Last year’s positive returns were welcome news for Dutch employees and sponsoring employers in both public and private sectors which suffered a greater than 30% loss from domestic equities in 2002. Preparing for the future, though, remains the industry’s greatest challenge.
As pension funds examine their options, there remains a great opportunity to create efficiencies within their own operations. And for many schemes, outsourcing investment operations services may be the place to start.
Until recently, investment operations outsourcing was viewed as a distant solution for pension funds and asset managers that may be contemplating a new strategic plan. ‘The Age of Outsourcing’ was a well-talked about concept, but proven examples were few and far between.
Today, large pension funds and asset managers actively engaged in discussions and negotiations with financial services firms are beginning to overcome their initial reluctance. They are starting to see proof that outsourcing offers a tactical solution that can not only reduce costs and increase efficiency, but provide competitive benefits as well.
Outsourcing investment operations services, for example, allows a pension fund to turn a fixed expense – which may account for about half of its capital investment – into a variable expense. At the same time, it may also reduce certain operational risks, which would transfer to the outsourcing partner, which vowed to maintain the advanced technology needed to support the operations. If, for example, a scheme lacks straight-through-processing, performance reporting or sophisticated compliance reporting capabilities, outsourcing would give it access to those capabilities without the added expense.
As investment operations outsourcing turns from concept into reality, more financial servicing firms have decided to give it a try. And while more providers could serve to increase business, financial services firms should consider that publicised mis-steps from a newcomer could set the entire effort backward. As a result, those new to providing investment operations outsourcing services must do it right, or lose the opportunity for a second chance.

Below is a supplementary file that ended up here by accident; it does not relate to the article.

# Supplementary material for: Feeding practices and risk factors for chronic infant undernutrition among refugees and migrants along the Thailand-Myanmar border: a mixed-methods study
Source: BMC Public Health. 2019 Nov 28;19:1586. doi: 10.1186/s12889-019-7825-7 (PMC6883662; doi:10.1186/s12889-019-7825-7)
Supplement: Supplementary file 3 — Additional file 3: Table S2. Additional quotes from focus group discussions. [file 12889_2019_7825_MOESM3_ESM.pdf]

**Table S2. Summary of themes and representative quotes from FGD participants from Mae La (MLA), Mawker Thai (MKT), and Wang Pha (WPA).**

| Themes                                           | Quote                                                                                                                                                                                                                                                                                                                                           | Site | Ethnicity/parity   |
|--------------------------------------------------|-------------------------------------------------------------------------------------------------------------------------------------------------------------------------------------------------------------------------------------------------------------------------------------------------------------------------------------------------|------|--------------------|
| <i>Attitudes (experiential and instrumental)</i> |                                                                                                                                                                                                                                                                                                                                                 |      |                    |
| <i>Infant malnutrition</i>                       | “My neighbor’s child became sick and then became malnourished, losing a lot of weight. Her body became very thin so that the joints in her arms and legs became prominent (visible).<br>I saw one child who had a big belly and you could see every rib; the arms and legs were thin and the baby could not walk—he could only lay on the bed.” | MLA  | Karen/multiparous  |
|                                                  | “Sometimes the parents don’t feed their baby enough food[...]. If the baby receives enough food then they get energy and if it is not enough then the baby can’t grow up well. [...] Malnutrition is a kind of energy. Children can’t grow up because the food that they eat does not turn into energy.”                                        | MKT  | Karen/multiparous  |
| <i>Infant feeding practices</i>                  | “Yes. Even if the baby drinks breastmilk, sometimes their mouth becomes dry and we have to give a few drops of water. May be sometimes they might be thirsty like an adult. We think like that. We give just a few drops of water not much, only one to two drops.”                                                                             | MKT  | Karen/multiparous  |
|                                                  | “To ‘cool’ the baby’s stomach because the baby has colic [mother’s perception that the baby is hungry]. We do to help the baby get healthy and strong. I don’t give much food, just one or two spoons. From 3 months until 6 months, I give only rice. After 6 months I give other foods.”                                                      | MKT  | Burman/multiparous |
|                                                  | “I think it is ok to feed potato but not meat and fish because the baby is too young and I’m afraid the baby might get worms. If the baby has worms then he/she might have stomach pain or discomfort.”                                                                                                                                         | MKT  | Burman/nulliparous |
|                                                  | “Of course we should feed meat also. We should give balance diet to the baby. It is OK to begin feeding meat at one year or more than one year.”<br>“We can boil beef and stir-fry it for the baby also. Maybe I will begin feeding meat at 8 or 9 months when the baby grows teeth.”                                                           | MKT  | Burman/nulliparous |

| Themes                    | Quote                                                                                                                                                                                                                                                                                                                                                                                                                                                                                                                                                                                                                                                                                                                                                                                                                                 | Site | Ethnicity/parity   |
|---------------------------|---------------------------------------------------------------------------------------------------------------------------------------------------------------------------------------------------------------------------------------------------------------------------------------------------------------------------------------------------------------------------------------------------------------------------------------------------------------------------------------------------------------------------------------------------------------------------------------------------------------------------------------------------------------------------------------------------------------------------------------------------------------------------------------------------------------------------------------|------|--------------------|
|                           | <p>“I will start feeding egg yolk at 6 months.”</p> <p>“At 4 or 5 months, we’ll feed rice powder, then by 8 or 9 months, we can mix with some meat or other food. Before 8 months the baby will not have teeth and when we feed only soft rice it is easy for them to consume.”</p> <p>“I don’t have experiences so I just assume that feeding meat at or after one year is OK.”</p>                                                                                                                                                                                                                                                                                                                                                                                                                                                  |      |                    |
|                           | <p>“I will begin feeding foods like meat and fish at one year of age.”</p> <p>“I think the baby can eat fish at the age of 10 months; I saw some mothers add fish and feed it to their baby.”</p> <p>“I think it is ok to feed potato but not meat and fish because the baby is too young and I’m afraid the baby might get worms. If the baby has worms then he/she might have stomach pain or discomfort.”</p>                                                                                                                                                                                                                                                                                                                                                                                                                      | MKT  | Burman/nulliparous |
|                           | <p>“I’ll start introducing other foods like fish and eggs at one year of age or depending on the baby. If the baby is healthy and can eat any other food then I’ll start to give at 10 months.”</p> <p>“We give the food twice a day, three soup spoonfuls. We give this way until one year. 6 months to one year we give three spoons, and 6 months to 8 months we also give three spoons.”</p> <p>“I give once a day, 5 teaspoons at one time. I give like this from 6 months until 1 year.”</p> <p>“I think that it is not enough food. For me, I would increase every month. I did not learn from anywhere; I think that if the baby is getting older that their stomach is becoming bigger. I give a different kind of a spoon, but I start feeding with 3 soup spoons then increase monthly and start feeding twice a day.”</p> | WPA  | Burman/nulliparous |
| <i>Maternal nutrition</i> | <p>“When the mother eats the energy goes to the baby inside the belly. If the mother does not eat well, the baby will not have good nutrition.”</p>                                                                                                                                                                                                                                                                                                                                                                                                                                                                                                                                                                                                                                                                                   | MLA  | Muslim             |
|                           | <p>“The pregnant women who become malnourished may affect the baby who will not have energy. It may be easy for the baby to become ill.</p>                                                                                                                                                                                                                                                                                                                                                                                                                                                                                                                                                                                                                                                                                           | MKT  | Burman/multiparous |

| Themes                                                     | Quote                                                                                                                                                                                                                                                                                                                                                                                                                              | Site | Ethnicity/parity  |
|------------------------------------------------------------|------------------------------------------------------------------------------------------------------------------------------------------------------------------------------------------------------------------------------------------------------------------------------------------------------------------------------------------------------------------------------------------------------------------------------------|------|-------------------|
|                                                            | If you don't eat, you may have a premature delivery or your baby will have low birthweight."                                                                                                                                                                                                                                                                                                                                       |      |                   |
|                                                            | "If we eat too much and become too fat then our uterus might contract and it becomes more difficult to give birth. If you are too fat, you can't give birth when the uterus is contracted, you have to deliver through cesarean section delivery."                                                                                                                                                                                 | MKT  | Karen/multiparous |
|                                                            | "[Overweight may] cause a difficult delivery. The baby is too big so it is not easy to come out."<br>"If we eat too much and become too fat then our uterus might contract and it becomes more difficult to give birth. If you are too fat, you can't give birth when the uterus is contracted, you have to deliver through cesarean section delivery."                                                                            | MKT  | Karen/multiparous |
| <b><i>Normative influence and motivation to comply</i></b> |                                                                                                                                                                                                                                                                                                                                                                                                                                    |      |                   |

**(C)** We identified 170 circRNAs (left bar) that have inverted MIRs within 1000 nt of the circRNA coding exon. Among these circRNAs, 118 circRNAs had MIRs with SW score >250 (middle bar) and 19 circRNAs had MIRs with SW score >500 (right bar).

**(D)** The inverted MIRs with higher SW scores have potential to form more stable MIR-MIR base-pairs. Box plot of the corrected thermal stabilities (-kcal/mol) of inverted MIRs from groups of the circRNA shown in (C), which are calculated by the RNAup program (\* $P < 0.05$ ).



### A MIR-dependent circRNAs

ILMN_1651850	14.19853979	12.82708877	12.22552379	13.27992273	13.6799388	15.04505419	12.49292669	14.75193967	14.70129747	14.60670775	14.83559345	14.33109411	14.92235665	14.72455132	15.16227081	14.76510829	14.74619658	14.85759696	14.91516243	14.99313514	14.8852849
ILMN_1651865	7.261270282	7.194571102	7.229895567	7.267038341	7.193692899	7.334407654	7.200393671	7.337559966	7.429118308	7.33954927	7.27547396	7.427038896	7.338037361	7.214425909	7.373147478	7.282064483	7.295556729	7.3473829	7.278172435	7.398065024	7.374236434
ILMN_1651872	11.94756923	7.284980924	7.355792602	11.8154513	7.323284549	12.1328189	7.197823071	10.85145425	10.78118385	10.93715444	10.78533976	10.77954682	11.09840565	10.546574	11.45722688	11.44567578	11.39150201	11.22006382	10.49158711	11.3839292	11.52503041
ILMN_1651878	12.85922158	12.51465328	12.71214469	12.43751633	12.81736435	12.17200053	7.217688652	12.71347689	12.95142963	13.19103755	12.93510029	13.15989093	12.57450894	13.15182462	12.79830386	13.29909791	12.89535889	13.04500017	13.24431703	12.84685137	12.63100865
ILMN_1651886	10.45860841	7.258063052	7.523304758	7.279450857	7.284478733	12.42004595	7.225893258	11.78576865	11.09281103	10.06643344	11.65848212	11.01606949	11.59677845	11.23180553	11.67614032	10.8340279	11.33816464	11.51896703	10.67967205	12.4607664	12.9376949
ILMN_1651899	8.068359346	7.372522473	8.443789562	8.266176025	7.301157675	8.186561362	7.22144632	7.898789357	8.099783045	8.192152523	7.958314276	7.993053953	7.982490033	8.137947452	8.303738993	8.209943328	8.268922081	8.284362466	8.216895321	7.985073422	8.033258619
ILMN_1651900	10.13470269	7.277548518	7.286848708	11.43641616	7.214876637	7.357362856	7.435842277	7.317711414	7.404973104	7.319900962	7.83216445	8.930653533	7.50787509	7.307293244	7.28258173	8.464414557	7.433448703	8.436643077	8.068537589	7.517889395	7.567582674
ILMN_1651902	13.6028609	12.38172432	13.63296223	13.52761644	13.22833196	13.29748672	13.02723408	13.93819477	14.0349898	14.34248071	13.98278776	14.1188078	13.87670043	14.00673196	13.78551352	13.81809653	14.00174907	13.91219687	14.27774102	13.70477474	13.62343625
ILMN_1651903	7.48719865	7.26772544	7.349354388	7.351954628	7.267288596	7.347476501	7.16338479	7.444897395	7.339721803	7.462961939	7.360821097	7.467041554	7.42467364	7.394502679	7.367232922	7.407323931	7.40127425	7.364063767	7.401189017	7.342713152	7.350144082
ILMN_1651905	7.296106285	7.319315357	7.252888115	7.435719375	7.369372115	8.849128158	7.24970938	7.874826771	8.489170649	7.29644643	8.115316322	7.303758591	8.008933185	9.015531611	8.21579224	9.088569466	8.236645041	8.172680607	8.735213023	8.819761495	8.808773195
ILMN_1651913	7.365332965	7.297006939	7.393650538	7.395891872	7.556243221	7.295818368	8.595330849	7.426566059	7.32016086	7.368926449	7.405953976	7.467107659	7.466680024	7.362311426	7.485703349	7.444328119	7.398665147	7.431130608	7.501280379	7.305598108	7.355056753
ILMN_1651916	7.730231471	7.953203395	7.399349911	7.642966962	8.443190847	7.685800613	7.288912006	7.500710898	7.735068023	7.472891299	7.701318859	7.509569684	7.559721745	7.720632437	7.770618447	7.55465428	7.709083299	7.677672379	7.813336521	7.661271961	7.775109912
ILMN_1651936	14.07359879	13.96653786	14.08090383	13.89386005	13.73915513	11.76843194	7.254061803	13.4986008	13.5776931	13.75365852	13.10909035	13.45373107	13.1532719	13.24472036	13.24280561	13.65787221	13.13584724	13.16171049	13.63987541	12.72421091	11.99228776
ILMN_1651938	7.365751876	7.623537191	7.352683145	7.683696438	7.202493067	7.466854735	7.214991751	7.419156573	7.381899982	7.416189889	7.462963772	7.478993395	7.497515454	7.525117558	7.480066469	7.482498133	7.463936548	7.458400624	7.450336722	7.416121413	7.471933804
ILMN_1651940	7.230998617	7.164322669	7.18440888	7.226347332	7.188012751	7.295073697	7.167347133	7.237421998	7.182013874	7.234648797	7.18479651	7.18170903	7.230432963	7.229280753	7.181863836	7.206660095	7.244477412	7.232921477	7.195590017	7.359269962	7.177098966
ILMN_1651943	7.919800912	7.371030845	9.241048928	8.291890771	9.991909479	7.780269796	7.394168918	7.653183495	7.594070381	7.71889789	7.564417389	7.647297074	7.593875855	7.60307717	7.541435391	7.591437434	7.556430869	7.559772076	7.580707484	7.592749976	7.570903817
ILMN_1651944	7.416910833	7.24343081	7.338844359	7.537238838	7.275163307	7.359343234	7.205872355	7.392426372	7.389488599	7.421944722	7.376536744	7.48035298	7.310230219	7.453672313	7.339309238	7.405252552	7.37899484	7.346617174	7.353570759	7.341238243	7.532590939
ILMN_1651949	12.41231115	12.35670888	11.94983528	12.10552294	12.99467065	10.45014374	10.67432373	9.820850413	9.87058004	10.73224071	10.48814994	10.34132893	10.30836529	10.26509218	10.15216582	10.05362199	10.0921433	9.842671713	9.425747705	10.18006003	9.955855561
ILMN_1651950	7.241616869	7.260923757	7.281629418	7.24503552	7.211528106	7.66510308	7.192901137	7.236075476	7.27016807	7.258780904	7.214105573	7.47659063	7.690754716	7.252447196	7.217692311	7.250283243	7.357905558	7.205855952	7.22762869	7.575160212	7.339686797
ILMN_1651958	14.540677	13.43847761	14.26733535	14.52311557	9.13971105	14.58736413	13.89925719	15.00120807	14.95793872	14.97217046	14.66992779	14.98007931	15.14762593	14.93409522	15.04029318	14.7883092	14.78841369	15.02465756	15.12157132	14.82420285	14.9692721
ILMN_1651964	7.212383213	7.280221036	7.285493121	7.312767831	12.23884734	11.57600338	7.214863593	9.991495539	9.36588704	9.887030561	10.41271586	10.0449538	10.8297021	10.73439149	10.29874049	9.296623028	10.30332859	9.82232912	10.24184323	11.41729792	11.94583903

At the same time, the more experienced providers must maintain high standards for existing clients as they take on new ones. Execution and delivery is paramount.
For pension schemes and asset managers that may be considering dipping a toe in the outsourcing waters, be prepared to stay awhile. The decision to outsource creates a long-term commitment, and, as such, requires a painstaking vendor selection process.
While some new providers may be offering tempting benefits such as upfront cash payments to sign a contract, that money won’t come near what it could cost to regain a reputation or pay for losses created by an incompatible or inexperienced provider.
As more than 900 Dutch pension funds weigh the increased potential for mergers and consolidations in light of a more challenging marketplace, choosing the right third-party vendor is critical to future success. For those who do choose that route, success could hinge on their ability to choose a partner. Key components in that choice are:
q Commitment to the business. Stability and credibility are key criteria when it comes to selecting a service provider. A successful provider will have had a track record in the investment services business, and show every sign of remaining there. Consider the long-term implications of the partnership and how the business will work a decade from now, not just in a year or two.
q Understanding of back- and middle -office functions. A pension scheme’s back and middle offices are not just ‘systems’ or ‘activities’, but broad collections of operations that must be tightly coordinated and integrated. Providers should have spent years living with back and middle office challenges to design and implement outsourcing solutions.
q Technological expertise. Firms should seek out providers that are committed to investing in technology. A seamlessly automated, real-time platform is the true value proposition. Data must be accurate and prompt for the investment process to run effectively.
q A proven track record. With so many more providers from which to choose, schemes can now use history to their advantage. Obviously, the best choice is the provider that has demonstrated outstanding ability.
If the Dutch pension market is ready to move to the ‘Age of Outsourcing’ both providers and pension schemes must do some work. For it is only through a record of productive partnerships that outsourcing will achieve its true potential.
Rod Ringrow is a senior vice president and head of investment services for the Netherlands at State Street Corporation
Michael S. Walsh is managing director of The WM Company